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    So we bitch and moan about the presence of "Gun Free Zones" and how unfair it is of the owners/property mgrs to blatantly ignore our 2A Rights,and when a bill is introduced to acknowledge that these owners should be held liable for damages because of thier ignorance, you don't support it? True, banning Gun Free Zones period is the ultimate goal, but this is one step closer to getting there. This is the first (that I'm aware of) bill that DIRECTLY addresses Gun Free Zones and the consequences of establishing one without "proper security". Granted, I'm not thrilled with the whole minority part (are we equal or not?) or the security part (settling french fry fights are a reality), but it's a start. What I'm hoping for is that the cost of armed security and/or MD'ers is too distasteful for business owners and they will relent.

    Besides, aren't we due for a "feel good" law?

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    I like it.

    A lot. I hope it passes, and I hope that other states follow CO's example.

    As to the objections mentioned here:

    Obviously the primary liability falls on the shooter. Fine. Usually the shooter ends up dead, and was broke before he died, so there's not much point in affirming the right of injured parties to sue the shooter. More importantly, the goal is to dissuade not only local governments (like Denver) from establishing victim disarmament zones, but to dissuade property owners as well. Owners of commercial property are very cognizant of liability issues, and if they aren't their insurance companies will make sure they are. This is a powerful deterrent.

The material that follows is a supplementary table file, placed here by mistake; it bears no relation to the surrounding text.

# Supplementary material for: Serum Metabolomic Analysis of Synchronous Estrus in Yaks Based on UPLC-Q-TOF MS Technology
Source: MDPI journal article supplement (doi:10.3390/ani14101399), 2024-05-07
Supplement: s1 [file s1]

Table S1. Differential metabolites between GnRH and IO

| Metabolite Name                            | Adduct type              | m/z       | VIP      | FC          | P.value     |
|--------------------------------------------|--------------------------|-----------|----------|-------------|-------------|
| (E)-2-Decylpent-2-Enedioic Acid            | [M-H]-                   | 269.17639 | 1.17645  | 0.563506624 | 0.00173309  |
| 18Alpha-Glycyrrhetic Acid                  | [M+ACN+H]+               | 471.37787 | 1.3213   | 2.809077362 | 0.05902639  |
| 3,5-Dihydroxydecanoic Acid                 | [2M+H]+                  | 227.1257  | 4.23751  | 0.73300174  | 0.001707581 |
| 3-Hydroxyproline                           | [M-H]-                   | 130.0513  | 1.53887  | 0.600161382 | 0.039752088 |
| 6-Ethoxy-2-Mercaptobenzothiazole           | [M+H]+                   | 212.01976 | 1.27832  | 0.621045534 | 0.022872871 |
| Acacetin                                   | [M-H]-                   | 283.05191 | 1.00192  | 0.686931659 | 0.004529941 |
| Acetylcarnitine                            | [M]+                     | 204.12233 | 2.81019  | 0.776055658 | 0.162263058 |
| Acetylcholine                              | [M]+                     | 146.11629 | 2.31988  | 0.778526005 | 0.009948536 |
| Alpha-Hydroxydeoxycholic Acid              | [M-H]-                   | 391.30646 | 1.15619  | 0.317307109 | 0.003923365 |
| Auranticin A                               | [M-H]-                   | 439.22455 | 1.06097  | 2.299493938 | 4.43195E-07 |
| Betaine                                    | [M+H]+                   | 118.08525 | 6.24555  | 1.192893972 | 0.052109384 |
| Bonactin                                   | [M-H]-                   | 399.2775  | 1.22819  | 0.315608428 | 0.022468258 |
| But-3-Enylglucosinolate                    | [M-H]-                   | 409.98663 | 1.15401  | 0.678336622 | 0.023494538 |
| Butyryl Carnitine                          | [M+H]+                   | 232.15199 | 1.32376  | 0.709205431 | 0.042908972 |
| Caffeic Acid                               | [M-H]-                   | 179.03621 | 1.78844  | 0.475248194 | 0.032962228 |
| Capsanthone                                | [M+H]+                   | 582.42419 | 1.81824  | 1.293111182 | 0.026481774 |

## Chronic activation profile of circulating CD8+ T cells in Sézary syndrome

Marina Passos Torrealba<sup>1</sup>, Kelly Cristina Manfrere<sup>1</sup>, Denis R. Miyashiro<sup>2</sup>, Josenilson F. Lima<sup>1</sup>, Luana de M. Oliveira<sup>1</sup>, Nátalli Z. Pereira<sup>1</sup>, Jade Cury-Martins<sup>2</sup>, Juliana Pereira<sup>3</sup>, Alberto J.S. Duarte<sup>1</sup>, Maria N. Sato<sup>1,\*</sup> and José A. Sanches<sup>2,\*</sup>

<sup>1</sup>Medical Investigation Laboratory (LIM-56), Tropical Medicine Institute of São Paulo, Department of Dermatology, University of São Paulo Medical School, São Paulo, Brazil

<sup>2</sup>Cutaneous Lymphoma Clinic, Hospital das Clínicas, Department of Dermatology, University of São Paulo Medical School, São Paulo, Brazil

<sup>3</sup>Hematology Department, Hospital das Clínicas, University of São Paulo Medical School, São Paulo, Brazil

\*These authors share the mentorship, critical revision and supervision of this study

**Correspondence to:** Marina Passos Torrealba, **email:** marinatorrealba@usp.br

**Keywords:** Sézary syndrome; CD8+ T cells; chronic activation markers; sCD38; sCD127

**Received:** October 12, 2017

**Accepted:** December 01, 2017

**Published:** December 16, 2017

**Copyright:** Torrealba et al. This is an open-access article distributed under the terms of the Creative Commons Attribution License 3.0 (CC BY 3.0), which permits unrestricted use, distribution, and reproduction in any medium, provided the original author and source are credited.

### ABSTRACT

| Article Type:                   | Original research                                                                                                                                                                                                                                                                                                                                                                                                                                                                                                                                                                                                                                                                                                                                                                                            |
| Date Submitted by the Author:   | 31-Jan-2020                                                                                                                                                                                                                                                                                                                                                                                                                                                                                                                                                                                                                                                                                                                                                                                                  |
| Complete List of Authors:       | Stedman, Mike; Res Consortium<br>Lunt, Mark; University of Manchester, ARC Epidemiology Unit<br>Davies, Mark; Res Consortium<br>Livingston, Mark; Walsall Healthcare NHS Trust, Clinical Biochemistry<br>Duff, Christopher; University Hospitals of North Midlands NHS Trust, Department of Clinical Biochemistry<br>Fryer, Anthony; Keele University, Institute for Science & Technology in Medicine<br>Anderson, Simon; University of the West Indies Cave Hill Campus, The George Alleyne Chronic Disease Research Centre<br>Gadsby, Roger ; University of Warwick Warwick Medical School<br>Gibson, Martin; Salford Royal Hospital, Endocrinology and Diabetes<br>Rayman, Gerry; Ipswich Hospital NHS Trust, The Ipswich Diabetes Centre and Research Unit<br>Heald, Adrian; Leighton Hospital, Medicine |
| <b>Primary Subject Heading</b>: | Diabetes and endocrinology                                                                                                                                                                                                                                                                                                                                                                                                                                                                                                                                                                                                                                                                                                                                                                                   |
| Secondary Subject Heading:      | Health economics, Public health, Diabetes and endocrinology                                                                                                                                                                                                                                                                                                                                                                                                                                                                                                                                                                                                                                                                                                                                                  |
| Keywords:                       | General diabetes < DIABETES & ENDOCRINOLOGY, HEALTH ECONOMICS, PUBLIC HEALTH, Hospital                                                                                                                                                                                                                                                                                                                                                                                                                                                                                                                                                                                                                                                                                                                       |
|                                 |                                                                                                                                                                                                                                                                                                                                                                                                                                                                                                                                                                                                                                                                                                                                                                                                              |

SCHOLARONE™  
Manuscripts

Next, yes, the victims already have the right to sue whoever established the gun-free zone. What legal precedents exist to show that such suits are likely to be successful? I think most property owners ban weapons because their lawyers advise them that doing so reduces probable liability. And those recommendations are accurate based on current jurisprudence. This law will change that in a hurry.

    As for the treble damages crap... ahh, who cares? The normal damages are adequate and if some liberal pol wants to predicate their vote for the bill on its providing some "special" protection to their favorite people, who cares? Be assured that mall owners' lawyers will be very frightened by the idea that some of the people might be get even more money. That's a good thing.